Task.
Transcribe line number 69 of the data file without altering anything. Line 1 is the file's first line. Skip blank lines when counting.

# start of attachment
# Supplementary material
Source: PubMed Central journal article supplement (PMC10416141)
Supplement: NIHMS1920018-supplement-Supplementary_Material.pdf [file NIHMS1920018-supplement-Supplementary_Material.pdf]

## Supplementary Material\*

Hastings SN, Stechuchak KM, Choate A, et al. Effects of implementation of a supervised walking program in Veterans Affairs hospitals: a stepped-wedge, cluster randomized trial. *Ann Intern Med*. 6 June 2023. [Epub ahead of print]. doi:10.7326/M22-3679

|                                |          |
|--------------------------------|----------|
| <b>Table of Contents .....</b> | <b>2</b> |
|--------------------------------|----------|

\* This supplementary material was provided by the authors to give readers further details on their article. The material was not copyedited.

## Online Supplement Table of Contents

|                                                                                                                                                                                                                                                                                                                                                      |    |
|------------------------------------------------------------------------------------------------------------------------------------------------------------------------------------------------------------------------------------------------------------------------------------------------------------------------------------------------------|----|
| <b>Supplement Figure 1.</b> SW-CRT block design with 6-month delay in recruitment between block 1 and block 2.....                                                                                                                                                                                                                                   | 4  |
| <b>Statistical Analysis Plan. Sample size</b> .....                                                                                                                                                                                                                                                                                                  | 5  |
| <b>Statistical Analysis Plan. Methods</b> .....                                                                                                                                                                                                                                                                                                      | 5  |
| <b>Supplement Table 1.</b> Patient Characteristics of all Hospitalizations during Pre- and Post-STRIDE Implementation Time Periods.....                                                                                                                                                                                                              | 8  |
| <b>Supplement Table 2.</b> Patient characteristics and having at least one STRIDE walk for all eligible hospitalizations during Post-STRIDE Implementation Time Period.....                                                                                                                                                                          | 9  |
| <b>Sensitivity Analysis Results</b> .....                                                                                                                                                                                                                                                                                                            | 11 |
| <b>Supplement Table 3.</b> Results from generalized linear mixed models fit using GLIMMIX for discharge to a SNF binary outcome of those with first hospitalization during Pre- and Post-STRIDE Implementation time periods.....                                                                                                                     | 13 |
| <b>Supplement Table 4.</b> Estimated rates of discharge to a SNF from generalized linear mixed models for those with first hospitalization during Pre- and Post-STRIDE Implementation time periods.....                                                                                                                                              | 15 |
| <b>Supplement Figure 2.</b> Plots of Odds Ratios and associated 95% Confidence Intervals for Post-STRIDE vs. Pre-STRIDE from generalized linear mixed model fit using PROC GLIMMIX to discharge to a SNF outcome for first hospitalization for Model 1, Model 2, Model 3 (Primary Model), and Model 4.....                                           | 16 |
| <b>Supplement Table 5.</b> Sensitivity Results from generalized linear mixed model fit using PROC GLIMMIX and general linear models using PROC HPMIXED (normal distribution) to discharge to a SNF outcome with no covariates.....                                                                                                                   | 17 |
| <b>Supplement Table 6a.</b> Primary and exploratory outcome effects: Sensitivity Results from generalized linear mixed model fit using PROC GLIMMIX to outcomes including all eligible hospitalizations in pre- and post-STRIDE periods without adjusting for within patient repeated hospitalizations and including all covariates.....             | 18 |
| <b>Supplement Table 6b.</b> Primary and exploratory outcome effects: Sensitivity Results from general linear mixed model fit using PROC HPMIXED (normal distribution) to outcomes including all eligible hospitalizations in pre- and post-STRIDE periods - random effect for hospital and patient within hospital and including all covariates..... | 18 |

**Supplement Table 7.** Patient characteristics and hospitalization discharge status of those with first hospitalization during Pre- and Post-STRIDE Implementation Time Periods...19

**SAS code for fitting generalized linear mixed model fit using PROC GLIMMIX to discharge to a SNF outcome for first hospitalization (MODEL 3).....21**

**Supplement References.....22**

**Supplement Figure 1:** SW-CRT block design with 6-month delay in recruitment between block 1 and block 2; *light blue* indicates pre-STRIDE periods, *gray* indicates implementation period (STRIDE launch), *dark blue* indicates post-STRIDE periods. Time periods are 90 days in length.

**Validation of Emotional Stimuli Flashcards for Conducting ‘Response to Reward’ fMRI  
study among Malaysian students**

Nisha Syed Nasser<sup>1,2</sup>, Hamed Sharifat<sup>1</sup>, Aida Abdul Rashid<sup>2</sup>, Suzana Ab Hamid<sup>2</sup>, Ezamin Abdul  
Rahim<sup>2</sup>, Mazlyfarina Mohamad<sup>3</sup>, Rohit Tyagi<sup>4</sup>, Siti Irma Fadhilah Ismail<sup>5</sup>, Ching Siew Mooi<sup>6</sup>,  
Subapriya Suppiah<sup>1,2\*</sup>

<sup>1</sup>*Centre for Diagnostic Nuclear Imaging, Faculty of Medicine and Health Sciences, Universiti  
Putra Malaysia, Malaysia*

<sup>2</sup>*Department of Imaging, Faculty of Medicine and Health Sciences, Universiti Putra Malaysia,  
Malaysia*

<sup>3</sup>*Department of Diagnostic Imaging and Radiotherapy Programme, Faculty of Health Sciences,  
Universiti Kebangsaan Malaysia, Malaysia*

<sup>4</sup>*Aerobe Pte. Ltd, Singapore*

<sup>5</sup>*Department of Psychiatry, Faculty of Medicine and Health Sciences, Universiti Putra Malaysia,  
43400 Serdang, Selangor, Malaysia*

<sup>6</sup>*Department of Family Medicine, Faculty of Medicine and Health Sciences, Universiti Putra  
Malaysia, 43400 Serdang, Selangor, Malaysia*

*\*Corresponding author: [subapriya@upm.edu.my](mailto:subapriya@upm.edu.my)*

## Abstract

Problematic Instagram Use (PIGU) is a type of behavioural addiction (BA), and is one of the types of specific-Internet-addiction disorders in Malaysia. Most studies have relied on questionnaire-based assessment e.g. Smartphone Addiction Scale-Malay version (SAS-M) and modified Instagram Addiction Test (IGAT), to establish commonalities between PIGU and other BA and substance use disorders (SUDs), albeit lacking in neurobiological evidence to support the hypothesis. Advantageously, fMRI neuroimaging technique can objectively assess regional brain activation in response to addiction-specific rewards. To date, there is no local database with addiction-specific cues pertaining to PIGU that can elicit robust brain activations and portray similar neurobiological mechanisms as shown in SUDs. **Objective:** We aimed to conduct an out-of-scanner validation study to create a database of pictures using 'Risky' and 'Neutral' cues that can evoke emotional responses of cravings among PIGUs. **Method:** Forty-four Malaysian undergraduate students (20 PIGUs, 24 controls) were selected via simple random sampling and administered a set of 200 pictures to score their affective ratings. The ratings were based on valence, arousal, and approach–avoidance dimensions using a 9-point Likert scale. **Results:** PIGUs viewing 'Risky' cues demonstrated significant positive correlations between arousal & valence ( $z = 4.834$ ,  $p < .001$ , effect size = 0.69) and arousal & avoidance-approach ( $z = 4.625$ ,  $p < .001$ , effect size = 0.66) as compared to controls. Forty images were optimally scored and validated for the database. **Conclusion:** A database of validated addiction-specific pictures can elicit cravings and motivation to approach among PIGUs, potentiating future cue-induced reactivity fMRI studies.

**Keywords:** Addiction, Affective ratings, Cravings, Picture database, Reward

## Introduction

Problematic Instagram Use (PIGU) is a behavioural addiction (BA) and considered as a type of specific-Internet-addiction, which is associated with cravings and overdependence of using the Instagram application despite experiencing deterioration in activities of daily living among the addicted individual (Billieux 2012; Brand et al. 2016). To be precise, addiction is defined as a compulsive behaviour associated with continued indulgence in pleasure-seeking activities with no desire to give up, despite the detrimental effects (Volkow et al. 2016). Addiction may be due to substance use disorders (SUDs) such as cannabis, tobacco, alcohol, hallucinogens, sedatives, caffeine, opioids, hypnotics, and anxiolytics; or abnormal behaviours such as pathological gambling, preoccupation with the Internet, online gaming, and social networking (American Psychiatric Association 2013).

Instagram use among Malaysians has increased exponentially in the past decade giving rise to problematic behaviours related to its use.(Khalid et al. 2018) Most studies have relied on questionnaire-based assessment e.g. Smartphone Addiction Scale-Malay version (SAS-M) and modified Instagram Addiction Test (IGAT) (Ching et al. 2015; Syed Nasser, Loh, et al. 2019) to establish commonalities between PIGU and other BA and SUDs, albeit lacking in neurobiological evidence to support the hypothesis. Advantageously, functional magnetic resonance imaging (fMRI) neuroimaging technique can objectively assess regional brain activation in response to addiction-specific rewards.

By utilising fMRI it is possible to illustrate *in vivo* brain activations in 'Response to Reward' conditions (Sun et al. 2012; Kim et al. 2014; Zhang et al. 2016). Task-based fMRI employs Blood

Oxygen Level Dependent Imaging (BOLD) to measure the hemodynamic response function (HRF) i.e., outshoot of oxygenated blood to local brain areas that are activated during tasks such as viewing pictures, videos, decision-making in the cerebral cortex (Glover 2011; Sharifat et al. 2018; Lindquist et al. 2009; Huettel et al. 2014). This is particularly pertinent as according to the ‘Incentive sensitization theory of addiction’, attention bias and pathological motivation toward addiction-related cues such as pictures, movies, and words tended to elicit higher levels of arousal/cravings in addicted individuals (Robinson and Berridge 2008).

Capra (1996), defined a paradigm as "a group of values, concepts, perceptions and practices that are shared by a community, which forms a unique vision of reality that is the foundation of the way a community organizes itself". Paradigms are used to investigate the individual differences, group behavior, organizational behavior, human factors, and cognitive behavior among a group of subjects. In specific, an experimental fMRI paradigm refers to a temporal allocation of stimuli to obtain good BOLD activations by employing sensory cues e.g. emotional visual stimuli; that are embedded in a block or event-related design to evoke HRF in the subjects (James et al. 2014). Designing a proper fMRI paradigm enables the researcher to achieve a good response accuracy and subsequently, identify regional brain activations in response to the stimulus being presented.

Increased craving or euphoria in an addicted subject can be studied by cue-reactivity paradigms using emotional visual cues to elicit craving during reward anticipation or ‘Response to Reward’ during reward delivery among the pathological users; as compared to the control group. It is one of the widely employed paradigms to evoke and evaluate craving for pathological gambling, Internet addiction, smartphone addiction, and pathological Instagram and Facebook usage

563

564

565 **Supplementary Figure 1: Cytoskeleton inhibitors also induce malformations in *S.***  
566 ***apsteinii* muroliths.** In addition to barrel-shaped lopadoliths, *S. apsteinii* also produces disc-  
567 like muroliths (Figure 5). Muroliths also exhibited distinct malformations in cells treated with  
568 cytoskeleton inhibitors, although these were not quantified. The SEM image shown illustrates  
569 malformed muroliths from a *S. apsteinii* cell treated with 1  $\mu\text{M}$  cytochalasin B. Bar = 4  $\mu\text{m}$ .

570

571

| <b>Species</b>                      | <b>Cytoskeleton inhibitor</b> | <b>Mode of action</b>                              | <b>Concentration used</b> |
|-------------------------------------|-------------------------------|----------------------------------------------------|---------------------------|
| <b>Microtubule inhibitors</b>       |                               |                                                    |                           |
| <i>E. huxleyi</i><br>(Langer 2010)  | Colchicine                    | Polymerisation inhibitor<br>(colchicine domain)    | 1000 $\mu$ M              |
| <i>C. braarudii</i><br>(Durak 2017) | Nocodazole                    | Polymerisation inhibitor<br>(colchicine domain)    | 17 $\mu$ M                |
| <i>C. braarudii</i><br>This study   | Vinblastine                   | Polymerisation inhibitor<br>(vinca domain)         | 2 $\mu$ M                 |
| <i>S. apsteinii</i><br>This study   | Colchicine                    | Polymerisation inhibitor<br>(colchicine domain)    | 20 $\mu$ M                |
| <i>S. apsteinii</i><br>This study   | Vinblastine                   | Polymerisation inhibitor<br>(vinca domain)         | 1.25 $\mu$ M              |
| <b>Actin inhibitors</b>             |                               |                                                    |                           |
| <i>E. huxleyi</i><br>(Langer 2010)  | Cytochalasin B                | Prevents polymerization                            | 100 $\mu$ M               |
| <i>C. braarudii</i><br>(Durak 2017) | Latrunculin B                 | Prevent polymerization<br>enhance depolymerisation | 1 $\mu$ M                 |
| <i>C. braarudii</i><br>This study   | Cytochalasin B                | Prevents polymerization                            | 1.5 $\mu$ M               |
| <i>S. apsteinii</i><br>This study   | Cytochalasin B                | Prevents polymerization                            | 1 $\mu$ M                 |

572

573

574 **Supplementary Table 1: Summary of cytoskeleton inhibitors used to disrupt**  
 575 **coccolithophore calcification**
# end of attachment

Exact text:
| <i>E. huxleyi</i><br>(Langer 2010)  | Colchicine                    | Polymerisation inhibitor<br>(colchicine domain)    | 1000 $\mu$ M              |